Kiwa Creek

Feature type: Creek (1)
Province: British Columbia
Location: Flows NE into Fraser River near Shere
Latitude: 53°02’00”
Longitude: 119°34’00”
NTS map: 83E/4
Official name listed at BC Geographical Names

Kiwa is Chinook for “crooked.” Before 1915, the creek was called the Little Shuswap River (Raush River was the Big Shuswap). (The Chinook language, which after European contact became the usual language of intercourse between different tribes, is a degraded form of the Chinookean language spoken in the state of Washington.)

References:

  • Canadian Permanent Committee on Geographical Names. British Columbia representative: D.F. Pearson, director of surveys and mapping, B.C. Ministry of Environment, Victoria..

One thought on “Kiwa Creek

  1. Robert Frear

    Interesting language parallel on the Kiwa / Kiwah!
    Five years a captive among the Black-Feet Indians, or, A thrilling narrative of the adventures, perils and suffering endured by John Dixon and his companions, among the savages of the Northwest Territory of North America-Crakes, Sylvester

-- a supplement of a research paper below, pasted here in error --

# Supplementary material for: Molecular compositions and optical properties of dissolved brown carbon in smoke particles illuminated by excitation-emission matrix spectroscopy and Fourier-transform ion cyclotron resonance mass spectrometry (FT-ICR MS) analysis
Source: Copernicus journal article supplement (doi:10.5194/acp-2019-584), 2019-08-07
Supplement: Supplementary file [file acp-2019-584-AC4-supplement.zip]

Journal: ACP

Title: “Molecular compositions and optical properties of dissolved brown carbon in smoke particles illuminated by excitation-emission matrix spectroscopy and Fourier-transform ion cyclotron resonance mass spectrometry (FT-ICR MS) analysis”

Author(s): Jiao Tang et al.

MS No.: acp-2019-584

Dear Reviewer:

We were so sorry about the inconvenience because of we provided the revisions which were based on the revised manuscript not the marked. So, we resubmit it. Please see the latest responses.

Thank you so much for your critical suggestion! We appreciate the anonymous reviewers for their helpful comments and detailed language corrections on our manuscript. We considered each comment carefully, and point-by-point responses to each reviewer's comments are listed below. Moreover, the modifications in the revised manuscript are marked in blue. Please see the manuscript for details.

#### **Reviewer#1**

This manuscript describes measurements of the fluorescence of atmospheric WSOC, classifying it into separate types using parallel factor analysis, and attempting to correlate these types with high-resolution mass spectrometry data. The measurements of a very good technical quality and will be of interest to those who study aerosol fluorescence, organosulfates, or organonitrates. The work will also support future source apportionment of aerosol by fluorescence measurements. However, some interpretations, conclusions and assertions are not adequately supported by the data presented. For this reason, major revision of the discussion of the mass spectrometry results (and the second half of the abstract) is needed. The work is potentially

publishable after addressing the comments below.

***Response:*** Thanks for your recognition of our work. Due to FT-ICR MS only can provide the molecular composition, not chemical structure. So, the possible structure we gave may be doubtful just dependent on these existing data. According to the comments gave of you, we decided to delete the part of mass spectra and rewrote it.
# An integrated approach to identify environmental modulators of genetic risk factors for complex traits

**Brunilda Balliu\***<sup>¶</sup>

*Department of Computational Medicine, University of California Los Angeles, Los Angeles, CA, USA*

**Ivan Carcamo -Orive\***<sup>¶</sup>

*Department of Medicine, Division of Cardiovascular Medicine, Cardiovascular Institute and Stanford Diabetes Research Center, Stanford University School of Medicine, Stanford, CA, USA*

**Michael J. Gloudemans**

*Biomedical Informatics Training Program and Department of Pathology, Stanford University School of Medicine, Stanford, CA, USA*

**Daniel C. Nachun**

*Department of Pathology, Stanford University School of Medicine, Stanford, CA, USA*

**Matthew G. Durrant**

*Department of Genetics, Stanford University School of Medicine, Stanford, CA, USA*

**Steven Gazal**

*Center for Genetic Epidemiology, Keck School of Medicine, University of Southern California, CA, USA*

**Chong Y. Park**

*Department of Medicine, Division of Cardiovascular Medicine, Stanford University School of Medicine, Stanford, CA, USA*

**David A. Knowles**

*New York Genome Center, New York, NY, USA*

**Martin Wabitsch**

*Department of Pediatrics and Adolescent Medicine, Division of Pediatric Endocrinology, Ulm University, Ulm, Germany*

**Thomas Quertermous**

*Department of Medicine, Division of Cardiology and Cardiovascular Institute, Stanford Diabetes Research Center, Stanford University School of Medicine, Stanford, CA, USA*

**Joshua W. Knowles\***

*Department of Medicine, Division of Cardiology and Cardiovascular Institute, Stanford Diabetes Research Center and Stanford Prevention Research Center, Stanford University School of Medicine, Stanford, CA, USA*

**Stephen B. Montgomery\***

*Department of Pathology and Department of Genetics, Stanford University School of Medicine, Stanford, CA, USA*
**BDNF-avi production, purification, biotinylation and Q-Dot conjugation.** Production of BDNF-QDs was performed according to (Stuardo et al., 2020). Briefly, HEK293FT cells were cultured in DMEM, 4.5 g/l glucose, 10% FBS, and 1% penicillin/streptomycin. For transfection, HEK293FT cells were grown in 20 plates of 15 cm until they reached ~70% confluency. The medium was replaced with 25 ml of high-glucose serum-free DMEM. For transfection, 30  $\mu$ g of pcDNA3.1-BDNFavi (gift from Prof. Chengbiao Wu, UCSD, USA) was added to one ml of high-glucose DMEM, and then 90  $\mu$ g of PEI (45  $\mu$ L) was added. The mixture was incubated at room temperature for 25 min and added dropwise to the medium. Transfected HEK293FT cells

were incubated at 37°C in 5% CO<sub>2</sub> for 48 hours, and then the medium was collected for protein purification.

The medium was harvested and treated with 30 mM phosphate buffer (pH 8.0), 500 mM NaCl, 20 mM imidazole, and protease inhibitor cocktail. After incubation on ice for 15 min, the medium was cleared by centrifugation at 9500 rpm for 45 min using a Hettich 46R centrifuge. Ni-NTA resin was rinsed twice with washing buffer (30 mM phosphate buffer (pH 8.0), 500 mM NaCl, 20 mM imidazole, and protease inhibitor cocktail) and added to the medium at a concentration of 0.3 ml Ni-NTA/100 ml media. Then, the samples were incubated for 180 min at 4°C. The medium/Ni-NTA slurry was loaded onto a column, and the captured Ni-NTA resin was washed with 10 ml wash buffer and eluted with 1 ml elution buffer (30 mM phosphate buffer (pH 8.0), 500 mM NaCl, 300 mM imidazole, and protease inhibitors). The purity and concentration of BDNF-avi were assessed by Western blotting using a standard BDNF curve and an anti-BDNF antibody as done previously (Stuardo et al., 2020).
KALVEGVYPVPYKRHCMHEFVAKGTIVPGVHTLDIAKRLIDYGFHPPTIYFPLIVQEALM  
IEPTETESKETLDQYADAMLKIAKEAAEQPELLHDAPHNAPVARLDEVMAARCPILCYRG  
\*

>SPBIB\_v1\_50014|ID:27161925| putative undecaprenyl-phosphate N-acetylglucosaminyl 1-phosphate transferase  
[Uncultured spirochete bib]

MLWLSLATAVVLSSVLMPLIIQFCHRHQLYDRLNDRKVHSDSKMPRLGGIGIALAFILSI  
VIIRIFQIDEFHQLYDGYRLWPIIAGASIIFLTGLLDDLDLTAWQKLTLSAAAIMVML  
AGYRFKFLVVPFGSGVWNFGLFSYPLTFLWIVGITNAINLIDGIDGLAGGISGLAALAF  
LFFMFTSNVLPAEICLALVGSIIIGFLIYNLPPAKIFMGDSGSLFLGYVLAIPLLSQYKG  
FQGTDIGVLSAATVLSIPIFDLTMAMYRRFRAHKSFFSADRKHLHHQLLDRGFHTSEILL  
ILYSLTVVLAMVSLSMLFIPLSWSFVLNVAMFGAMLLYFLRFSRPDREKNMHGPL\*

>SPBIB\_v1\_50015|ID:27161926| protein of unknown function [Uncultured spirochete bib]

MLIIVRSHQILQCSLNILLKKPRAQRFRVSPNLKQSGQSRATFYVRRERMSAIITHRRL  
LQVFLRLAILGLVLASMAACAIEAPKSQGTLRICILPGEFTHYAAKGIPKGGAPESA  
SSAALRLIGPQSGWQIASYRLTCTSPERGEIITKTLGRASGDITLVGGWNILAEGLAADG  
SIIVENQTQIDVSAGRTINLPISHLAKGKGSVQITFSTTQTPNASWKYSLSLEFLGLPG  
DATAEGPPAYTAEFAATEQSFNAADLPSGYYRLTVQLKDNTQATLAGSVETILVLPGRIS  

We found a rare species of bird as an inhabitant of
    these mountain fastnesses, which I wish to describe more
    particularly. To me its manners and appearance were
    quite novel, and I am satisfied that in Europe there are
    none like it. I am not an ornithologist, and can not
    describe the bird technically; but in size it was about
    equal to the robin, with alternate black and yellow
    spots covering the body, excepting the wings, which are
    a beautiful bright crimson. It is a delightful singer,
    with notes clear, shrill and melodious, which are only
    heard early in the morning and during the summer
    months. The Indians, I learned subsequently, at
    tach a degree of sacredness to this bird, and will,
    under no circumstances, permit it to be killed or in
    any way molested, believing they are messengers to
    them, indicative of good fortune, peace and plenty.
    These birds are not numerous, and it is only occa
    sionally that the adventurer among these mountains gets
    sight of one. They are exceedingly shy and timid, and
    on the first alarm disappear.
    The natives of these regions call this bird Kiwah,
    which signifies, in the Black-Feet language, “sacred.”

    Reply

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